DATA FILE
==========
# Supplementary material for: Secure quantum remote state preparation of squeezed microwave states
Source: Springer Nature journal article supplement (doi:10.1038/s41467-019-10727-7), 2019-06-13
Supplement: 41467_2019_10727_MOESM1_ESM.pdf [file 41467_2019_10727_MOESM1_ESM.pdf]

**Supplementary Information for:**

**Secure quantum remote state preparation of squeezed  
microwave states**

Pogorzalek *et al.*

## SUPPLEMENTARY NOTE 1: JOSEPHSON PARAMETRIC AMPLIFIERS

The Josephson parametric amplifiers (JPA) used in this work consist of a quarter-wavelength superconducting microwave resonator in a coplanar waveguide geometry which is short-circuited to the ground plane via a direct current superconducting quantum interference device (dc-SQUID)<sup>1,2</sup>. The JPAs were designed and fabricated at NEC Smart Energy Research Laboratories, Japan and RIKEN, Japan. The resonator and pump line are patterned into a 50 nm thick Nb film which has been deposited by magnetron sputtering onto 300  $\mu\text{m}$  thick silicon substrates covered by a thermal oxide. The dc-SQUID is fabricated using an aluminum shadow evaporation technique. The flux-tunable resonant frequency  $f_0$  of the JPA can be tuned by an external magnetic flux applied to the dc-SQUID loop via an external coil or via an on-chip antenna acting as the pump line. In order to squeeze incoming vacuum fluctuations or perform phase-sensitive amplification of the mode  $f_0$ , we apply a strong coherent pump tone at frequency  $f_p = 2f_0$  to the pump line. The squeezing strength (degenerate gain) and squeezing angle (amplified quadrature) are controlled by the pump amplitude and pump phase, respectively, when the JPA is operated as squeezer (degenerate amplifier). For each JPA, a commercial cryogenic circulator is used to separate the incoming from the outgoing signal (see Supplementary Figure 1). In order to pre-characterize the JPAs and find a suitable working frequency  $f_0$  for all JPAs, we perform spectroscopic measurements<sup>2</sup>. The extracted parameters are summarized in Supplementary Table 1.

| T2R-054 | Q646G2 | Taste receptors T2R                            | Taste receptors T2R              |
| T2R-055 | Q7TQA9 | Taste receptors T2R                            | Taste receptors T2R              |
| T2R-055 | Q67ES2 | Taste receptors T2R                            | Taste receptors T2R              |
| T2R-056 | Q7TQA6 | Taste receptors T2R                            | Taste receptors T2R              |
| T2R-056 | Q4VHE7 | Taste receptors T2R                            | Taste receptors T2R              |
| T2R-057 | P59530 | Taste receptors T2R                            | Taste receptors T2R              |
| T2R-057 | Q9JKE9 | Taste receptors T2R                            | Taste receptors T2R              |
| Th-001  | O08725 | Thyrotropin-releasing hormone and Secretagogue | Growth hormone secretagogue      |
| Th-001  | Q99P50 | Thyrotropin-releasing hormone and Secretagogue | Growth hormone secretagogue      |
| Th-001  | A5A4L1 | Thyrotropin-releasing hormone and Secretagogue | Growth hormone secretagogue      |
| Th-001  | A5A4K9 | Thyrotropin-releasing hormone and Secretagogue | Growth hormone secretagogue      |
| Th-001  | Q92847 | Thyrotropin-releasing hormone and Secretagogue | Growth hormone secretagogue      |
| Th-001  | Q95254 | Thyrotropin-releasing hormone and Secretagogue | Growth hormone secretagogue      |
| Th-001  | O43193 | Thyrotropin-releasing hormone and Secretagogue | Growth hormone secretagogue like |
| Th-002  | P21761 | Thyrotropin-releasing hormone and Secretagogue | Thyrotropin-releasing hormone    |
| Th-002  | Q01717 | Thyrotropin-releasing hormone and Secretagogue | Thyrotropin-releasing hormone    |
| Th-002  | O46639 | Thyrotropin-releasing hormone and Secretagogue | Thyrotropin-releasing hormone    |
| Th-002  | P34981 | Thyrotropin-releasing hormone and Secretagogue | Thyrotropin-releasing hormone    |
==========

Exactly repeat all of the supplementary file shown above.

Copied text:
# Supplementary material for: Secure quantum remote state preparation of squeezed microwave states
Source: Springer Nature journal article supplement (doi:10.1038/s41467-019-10727-7), 2019-06-13
Supplement: 41467_2019_10727_MOESM1_ESM.pdf [file 41467_2019_10727_MOESM1_ESM.pdf]

**Supplementary Information for:**

**Secure quantum remote state preparation of squeezed  
microwave states**

Pogorzalek *et al.*

## SUPPLEMENTARY NOTE 1: JOSEPHSON PARAMETRIC AMPLIFIERS

The Josephson parametric amplifiers (JPA) used in this work consist of a quarter-wavelength superconducting microwave resonator in a coplanar waveguide geometry which is short-circuited to the ground plane via a direct current superconducting quantum interference device (dc-SQUID)<sup>1,2</sup>. The JPAs were designed and fabricated at NEC Smart Energy Research Laboratories, Japan and RIKEN, Japan. The resonator and pump line are patterned into a 50 nm thick Nb film which has been deposited by magnetron sputtering onto 300  $\mu\text{m}$  thick silicon substrates covered by a thermal oxide. The dc-SQUID is fabricated using an aluminum shadow evaporation technique. The flux-tunable resonant frequency  $f_0$  of the JPA can be tuned by an external magnetic flux applied to the dc-SQUID loop via an external coil or via an on-chip antenna acting as the pump line. In order to squeeze incoming vacuum fluctuations or perform phase-sensitive amplification of the mode  $f_0$ , we apply a strong coherent pump tone at frequency  $f_p = 2f_0$  to the pump line. The squeezing strength (degenerate gain) and squeezing angle (amplified quadrature) are controlled by the pump amplitude and pump phase, respectively, when the JPA is operated as squeezer (degenerate amplifier). For each JPA, a commercial cryogenic circulator is used to separate the incoming from the outgoing signal (see Supplementary Figure 1). In order to pre-characterize the JPAs and find a suitable working frequency  $f_0$  for all JPAs, we perform spectroscopic measurements<sup>2</sup>. The extracted parameters are summarized in Supplementary Table 1.

| T2R-054 | Q646G2 | Taste receptors T2R                            | Taste receptors T2R              |
| T2R-055 | Q7TQA9 | Taste receptors T2R                            | Taste receptors T2R              |
| T2R-055 | Q67ES2 | Taste receptors T2R                            | Taste receptors T2R              |
| T2R-056 | Q7TQA6 | Taste receptors T2R                            | Taste receptors T2R              |
| T2R-056 | Q4VHE7 | Taste receptors T2R                            | Taste receptors T2R              |
| T2R-057 | P59530 | Taste receptors T2R                            | Taste receptors T2R              |
| T2R-057 | Q9JKE9 | Taste receptors T2R                            | Taste receptors T2R              |
| Th-001  | O08725 | Thyrotropin-releasing hormone and Secretagogue | Growth hormone secretagogue      |
| Th-001  | Q99P50 | Thyrotropin-releasing hormone and Secretagogue | Growth hormone secretagogue      |
| Th-001  | A5A4L1 | Thyrotropin-releasing hormone and Secretagogue | Growth hormone secretagogue      |
| Th-001  | A5A4K9 | Thyrotropin-releasing hormone and Secretagogue | Growth hormone secretagogue      |
| Th-001  | Q92847 | Thyrotropin-releasing hormone and Secretagogue | Growth hormone secretagogue      |
| Th-001  | Q95254 | Thyrotropin-releasing hormone and Secretagogue | Growth hormone secretagogue      |
| Th-001  | O43193 | Thyrotropin-releasing hormone and Secretagogue | Growth hormone secretagogue like |
| Th-002  | P21761 | Thyrotropin-releasing hormone and Secretagogue | Thyrotropin-releasing hormone    |
| Th-002  | Q01717 | Thyrotropin-releasing hormone and Secretagogue | Thyrotropin-releasing hormone    |
| Th-002  | O46639 | Thyrotropin-releasing hormone and Secretagogue | Thyrotropin-releasing hormone    |
| Th-002  | P34981 | Thyrotropin-releasing hormone and Secretagogue | Thyrotropin-releasing hormone    |